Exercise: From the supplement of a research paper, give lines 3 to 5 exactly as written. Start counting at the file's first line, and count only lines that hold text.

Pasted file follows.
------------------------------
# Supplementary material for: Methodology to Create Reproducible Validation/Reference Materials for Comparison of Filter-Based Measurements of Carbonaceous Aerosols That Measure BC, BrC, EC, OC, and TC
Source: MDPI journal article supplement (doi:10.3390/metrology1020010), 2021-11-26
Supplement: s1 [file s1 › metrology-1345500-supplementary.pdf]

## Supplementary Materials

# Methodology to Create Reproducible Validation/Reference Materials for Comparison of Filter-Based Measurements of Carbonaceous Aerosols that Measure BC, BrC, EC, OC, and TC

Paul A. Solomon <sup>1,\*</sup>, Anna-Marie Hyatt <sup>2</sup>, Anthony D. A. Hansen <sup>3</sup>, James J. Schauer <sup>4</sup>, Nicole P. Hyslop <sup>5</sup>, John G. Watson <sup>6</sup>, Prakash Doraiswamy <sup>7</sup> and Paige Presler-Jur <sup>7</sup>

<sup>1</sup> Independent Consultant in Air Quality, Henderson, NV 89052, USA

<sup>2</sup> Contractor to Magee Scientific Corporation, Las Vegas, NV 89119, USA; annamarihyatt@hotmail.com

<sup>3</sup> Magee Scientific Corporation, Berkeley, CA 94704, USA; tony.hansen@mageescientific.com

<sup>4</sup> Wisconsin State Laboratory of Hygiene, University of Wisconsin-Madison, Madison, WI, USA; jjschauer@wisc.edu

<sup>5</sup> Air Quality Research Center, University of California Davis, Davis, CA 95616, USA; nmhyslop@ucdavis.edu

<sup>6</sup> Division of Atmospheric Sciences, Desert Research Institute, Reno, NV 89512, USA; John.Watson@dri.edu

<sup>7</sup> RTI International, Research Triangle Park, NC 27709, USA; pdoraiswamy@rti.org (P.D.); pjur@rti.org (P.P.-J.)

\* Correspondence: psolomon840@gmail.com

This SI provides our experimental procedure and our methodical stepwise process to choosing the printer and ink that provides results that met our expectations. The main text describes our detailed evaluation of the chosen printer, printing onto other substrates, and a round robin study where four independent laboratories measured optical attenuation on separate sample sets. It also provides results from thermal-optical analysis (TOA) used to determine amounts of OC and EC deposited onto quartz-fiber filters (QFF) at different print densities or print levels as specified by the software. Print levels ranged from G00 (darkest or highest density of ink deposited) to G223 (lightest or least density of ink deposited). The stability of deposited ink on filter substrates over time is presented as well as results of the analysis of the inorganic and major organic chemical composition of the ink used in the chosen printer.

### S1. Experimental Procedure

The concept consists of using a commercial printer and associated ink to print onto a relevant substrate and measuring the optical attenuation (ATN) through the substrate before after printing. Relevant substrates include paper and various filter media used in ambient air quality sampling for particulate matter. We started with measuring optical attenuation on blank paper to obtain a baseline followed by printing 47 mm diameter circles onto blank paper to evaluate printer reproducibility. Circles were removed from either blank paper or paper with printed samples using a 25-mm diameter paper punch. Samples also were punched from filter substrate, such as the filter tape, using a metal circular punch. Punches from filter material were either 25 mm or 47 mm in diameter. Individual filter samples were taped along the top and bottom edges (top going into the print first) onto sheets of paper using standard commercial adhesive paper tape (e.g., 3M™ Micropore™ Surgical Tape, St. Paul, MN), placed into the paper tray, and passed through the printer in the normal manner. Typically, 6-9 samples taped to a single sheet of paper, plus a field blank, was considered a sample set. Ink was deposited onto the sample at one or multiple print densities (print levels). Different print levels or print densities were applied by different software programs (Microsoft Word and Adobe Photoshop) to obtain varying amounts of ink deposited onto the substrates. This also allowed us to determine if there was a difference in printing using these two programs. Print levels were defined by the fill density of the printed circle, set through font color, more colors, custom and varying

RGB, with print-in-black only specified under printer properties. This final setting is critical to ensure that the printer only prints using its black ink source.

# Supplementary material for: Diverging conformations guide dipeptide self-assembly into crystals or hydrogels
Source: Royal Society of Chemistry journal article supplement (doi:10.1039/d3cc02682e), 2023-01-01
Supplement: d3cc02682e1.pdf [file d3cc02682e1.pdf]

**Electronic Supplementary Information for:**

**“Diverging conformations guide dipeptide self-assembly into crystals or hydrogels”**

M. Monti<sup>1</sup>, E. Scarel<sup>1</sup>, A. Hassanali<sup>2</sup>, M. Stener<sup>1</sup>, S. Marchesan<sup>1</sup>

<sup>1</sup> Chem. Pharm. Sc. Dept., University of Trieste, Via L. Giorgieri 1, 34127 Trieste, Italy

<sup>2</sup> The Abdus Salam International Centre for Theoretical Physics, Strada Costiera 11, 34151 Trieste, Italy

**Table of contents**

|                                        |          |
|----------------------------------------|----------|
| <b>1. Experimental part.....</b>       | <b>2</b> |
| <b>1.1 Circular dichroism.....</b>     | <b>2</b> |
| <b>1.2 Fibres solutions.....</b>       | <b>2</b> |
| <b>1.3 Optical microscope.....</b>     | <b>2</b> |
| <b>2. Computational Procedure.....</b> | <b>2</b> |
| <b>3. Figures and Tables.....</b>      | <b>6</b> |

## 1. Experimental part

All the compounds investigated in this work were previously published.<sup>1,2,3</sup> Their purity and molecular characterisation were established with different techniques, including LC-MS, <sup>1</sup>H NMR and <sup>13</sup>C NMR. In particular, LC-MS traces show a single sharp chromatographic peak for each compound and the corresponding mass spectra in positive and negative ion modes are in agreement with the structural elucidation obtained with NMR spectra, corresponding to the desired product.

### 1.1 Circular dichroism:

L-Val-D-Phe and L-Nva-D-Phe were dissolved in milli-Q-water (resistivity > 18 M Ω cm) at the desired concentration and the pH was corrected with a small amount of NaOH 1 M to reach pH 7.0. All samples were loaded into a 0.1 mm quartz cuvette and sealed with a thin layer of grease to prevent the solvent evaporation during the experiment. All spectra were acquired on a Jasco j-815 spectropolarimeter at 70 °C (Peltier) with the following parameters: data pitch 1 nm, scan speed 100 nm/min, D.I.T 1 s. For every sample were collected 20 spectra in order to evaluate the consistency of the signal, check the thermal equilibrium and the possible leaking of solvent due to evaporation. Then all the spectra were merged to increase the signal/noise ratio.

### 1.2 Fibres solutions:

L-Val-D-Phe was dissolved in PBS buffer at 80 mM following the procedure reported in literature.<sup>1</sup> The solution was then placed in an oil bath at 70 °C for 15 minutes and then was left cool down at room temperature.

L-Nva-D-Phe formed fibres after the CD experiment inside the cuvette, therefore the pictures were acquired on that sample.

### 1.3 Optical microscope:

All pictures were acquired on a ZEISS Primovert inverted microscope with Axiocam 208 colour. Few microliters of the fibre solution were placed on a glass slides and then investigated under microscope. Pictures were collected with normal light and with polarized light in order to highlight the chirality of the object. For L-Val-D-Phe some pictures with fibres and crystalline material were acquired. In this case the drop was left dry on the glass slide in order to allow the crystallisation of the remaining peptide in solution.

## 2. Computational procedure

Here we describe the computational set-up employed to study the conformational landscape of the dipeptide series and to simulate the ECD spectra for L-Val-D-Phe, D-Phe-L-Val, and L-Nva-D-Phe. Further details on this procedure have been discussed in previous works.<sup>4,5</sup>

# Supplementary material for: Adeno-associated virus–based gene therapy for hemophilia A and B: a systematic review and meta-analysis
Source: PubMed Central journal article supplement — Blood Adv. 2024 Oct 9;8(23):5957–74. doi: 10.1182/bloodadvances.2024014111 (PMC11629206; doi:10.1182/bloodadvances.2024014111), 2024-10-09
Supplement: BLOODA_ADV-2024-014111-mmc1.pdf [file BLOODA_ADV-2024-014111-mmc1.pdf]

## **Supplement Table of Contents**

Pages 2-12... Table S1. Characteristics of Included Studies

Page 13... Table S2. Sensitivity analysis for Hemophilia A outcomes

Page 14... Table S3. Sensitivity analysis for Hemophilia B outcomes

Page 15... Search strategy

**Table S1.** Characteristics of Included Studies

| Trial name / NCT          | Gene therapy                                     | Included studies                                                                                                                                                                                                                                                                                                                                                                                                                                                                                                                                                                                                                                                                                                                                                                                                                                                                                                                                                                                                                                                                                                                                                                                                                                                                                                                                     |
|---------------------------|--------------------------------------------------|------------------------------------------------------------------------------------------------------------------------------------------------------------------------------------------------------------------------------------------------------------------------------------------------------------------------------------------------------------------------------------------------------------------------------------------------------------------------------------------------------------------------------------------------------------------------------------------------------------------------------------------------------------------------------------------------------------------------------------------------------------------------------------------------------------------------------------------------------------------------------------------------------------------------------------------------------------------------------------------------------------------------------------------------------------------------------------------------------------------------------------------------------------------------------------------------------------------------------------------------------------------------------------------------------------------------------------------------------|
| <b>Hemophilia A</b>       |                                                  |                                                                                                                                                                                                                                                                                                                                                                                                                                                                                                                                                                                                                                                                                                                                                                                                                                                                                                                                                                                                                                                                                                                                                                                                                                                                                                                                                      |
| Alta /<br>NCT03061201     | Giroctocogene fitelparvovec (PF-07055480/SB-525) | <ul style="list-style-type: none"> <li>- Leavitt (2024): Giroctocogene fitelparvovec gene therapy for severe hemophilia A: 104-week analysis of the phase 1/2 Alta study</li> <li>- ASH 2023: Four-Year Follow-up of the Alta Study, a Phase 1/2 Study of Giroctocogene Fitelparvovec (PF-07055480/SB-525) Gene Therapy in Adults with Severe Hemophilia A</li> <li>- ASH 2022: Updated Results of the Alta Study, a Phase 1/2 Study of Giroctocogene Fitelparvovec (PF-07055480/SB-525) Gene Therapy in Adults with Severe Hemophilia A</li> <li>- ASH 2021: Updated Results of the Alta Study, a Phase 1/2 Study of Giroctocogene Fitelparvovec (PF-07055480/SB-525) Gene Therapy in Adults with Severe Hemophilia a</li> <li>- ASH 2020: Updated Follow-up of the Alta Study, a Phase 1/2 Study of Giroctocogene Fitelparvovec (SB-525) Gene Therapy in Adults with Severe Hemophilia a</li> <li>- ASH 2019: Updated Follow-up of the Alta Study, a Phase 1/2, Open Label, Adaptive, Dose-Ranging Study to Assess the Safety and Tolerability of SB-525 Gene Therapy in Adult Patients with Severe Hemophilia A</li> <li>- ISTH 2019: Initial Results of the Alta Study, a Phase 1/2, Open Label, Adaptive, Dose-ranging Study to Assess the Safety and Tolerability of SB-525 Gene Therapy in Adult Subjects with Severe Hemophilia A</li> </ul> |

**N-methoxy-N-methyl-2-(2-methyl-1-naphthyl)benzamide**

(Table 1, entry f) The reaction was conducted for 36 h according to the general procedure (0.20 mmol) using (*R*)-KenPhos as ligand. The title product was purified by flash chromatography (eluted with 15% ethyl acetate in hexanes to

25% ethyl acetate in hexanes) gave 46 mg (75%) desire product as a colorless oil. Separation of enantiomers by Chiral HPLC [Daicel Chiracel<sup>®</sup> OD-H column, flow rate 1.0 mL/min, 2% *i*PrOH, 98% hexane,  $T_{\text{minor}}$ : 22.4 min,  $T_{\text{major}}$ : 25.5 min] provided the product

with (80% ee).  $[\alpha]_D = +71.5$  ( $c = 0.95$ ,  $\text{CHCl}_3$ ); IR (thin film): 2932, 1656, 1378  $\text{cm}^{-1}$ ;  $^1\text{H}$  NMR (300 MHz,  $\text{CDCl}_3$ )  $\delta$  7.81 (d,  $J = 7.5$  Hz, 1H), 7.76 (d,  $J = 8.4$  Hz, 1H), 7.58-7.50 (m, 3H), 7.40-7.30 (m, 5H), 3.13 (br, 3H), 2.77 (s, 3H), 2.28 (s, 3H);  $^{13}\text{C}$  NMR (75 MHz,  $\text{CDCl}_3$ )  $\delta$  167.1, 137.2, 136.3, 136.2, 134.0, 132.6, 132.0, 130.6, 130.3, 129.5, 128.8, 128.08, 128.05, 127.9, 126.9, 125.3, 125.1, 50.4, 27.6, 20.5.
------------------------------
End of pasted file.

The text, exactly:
Supplement: s1 [file s1 › metrology-1345500-supplementary.pdf]

## Supplementary Materials

# Methodology to Create Reproducible Validation/Reference Materials for Comparison of Filter-Based Measurements of Carbonaceous Aerosols that Measure BC, BrC, EC, OC, and TC